Medicare to test allowing more than palliative care in hospice
■ The new health reform law also orders Medicaid and CHIP plans to cover "concurrent care" for terminally ill children.
New changes to Medicare and Medicaid payment could address the emotionally wrenching dilemma faced by physicians and terminally ill patients forced to choose between continuing curative treatments and taking advantage of hospice care programs' in-home palliative, psychological and spiritual services.
The health reform law enacted in March directs state Children's Health Insurance Programs and Medicaid plans to immediately cover "concurrent care" -- a combination of curative efforts and hospice care -- for children with terminal illnesses. The Congressional Budget Office estimates that the expanded coverage will cost $200 million over 10 years.
The law also calls on the Health and Human Services secretary to conduct a three-year, budget-neutral demonstration project of concurrent care for Medicare patients at 15 hospice-care sites.
The use of hospice and palliative care has grown steadily in recent years. Nearly 1.5 million patients received hospice care in 2008, up 36% from 2004, according to the National Hospice and Palliative Care Organization, which represents 80% of the country's hospices. Yet physicians offering this alternative to patients often receive hostile responses from patients and families who view it as the final step through death's door.
"There are people who, when talking about hospice, they'll say, 'Don't say that word in front of my loved one,' " said Christian Sinclair, MD, associate medical director of Kansas City Hospice & Palliative Care in Missouri. "We get such a visceral reaction to changing toward a palliative care goal."
Choosing hospice care can be especially scary for patients on Medicare, said Diane E. Meier, MD, director of the nonprofit Center to Advance Palliative Care. Some private health plans cover concurrent care, but for Medicare patients -- and, until recently, children covered by Medicaid -- choosing hospice has meant giving up aggressive treatment efforts.
"The Medicare hospice benefit is the jewel in the crown of Medicare in that it's truly interdisciplinary care," said Dr. Meier, director of the Hertzberg Palliative Care Institute at New York's Mount Sinai Medical Center. "But in order to get this wonderful benefit that is hospice, you must, on the flip side, sign a form giving up the right to regular Medicare. People feel, quite rightly, that it's like signing a death certificate."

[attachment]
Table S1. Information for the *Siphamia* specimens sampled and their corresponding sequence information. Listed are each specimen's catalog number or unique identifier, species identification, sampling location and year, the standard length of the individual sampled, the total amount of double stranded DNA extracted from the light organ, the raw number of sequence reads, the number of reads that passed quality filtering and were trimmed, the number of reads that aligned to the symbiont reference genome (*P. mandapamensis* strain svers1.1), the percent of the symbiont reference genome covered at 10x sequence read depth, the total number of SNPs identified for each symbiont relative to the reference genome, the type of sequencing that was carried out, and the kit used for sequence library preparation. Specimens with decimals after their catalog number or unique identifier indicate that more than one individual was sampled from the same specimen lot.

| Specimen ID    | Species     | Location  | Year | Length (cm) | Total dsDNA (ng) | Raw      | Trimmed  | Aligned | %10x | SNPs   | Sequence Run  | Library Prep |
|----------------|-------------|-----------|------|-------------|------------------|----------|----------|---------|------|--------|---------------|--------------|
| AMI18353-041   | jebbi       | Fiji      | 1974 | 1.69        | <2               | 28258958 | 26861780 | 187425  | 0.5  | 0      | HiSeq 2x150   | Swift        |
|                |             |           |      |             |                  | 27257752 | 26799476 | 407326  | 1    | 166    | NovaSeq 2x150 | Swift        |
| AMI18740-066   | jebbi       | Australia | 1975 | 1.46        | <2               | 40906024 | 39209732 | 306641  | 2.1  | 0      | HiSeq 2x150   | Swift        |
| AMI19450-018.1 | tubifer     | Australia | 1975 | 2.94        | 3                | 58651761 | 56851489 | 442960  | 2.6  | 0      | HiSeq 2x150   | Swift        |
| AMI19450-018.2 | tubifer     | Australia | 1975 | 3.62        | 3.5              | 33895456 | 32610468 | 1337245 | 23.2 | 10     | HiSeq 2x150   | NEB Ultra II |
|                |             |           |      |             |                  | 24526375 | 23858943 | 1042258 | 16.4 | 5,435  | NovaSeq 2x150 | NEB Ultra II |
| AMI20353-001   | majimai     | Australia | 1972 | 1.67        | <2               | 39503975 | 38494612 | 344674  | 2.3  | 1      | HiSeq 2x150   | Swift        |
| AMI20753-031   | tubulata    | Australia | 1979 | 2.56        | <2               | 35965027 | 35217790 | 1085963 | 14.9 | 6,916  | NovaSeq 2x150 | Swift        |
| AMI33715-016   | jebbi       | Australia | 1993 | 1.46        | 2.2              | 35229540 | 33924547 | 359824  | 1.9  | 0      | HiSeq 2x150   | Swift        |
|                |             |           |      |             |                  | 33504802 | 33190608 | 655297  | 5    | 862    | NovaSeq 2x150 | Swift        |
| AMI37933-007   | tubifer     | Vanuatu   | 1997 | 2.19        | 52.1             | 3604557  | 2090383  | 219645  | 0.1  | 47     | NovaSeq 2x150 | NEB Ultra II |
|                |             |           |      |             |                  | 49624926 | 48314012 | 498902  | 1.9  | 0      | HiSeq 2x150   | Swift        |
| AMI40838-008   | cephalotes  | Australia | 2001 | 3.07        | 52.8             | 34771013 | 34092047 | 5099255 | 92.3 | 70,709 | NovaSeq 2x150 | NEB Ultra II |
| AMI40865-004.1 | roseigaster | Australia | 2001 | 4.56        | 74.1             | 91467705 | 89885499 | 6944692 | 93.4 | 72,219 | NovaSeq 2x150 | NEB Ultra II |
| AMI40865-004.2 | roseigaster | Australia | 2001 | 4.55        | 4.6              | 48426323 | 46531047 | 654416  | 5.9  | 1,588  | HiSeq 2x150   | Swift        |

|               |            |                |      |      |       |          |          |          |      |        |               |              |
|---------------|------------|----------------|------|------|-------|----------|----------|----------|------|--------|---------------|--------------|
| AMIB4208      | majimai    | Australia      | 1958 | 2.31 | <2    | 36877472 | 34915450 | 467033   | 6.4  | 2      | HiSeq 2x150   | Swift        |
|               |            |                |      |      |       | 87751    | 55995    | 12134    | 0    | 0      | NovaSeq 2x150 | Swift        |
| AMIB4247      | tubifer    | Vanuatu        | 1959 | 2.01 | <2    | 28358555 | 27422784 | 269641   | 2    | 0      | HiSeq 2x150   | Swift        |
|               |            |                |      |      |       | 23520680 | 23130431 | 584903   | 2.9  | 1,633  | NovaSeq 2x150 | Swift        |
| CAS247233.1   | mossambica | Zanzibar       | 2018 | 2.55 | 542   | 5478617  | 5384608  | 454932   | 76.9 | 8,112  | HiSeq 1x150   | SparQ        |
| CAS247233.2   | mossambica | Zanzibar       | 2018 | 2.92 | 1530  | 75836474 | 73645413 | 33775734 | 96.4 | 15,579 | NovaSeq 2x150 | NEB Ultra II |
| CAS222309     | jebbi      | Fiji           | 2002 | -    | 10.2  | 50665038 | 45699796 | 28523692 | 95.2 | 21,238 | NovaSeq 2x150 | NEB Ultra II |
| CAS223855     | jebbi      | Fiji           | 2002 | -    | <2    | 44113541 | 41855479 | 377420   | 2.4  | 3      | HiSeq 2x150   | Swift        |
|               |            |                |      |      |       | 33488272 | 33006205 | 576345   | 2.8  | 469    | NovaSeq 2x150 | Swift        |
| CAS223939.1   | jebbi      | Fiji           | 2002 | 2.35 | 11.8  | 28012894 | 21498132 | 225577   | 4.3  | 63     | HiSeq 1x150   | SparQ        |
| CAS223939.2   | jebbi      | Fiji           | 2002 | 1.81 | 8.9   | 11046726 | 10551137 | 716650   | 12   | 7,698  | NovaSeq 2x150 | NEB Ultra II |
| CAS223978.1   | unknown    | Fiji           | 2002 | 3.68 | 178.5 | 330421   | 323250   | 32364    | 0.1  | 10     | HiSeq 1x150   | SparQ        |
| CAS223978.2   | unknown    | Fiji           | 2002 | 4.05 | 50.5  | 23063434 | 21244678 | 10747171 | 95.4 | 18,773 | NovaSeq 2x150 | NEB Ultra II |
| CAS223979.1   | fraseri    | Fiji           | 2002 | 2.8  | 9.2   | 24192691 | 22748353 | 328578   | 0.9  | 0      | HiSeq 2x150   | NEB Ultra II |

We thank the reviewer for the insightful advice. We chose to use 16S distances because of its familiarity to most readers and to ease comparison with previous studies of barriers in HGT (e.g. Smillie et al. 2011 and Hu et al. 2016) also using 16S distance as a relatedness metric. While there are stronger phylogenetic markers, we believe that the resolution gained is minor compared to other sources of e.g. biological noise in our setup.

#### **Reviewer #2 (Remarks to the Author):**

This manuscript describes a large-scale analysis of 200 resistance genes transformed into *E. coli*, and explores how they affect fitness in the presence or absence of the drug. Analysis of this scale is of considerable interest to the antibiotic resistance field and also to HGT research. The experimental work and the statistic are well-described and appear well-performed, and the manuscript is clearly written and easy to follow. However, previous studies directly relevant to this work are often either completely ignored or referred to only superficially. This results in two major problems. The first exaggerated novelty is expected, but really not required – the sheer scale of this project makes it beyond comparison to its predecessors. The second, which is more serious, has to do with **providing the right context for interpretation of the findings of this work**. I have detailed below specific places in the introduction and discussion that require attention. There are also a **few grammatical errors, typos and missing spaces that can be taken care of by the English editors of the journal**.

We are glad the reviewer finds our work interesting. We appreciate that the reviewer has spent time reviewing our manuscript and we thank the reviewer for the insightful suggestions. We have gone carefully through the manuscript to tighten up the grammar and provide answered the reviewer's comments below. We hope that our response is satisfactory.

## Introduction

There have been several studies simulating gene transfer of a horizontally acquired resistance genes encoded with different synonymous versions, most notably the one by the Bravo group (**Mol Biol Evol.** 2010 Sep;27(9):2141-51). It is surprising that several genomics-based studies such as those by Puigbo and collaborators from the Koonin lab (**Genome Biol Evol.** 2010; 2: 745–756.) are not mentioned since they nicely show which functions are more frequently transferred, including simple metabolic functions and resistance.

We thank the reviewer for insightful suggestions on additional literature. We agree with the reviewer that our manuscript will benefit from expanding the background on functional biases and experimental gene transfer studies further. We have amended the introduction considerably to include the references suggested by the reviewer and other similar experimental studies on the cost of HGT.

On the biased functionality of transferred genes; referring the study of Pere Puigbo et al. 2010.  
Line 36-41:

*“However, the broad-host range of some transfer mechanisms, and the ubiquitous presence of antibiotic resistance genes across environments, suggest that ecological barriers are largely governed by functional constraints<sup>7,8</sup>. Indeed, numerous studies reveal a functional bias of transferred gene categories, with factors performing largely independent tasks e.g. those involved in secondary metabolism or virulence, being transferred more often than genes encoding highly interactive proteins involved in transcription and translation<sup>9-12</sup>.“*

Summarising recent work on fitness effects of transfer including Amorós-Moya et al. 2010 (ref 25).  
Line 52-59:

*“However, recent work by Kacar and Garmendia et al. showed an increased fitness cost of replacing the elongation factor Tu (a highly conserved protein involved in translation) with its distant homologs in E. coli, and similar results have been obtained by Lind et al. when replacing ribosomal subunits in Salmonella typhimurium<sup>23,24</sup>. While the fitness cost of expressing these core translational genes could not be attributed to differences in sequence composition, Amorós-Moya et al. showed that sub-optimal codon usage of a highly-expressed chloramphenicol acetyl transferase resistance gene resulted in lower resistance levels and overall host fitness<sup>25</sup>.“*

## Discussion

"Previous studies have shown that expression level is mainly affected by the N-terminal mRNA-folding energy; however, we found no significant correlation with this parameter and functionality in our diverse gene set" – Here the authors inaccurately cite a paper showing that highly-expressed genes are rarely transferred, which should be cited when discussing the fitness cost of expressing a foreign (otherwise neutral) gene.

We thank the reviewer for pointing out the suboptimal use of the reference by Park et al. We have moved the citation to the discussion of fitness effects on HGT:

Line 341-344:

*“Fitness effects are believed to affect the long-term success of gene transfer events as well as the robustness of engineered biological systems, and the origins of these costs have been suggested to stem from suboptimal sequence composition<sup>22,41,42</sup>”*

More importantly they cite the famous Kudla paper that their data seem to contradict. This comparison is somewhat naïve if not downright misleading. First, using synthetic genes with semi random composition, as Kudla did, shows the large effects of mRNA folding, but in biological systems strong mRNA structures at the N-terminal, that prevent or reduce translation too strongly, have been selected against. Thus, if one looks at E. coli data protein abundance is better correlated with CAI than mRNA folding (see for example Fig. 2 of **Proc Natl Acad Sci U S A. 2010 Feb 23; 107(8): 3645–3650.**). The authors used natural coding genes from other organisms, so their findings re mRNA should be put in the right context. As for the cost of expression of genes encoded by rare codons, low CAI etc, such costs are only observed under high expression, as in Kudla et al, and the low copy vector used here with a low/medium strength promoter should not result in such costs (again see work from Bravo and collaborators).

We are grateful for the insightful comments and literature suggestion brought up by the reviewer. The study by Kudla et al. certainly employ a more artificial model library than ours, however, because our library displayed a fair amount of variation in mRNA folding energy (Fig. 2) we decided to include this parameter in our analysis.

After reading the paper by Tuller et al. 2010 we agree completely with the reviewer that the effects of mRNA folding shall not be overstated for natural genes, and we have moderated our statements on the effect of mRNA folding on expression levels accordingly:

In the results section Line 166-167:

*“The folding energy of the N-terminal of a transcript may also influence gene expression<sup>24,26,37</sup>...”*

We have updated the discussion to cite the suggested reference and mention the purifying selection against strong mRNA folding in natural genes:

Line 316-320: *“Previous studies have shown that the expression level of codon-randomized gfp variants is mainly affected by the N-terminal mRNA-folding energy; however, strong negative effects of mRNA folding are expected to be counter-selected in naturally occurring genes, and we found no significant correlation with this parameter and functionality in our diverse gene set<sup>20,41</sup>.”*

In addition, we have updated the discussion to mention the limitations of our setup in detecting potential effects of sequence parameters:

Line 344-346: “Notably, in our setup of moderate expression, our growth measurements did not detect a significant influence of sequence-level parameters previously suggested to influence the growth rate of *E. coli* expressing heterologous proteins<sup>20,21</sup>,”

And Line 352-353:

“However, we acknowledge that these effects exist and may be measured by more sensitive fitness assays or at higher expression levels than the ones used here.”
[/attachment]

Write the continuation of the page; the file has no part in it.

Dr. Meier notes that it takes only a day to process the paperwork for leaving hospice and re-entering regular Medicare. But the idea of enrolling in hospice in the first place and "giving up" on life still frightens patients and families, leading them to delay use of hospice.
The median length of stay in hospice is less than three weeks, and one-third of hospice patients die within a week of being admitted, said J. Donald Schumacher, president and CEO of the National Hospice and Palliative Care Organization. He said that Medicare paying for concurrent care could make it easier for patients and families to move from aggressive treatment to palliative care.
"You go from one phase to the next phase with something to hold on to as you make that transition," Schumacher said. "Many people say, 'I wish I'd come to hospice sooner.' "
Getting patients into hospice earlier gives them access to expert advice to help decide whether curative efforts are worth pursuing further, Schumacher said. "We believe involving hospice sooner will help people forgo nonproductive treatment."
The demonstration project will test whether paying for concurrent care helps patients and saves Medicare money. Then the HHS secretary will recommend to Congress whether to change the hospice-care payment policy. A Centers for Medicare & Medicaid Services innovation center created in the health reform law also may be able to act on the recommendations. Hospice care cost Medicare $11.2 billion in 2008, according to the Medicare Payment Advisory Commission.
In the meantime, children with terminal illnesses and their families should benefit from Medicaid's coverage of concurrent care efforts, Dr. Sinclair said.
"In pediatrics, the prognosis for patients can be a lot harder to define," he said. "Having a concurrent care model is helpful, because those families need a lot of help, especially from psychosocial and the other resources that hospice can provide."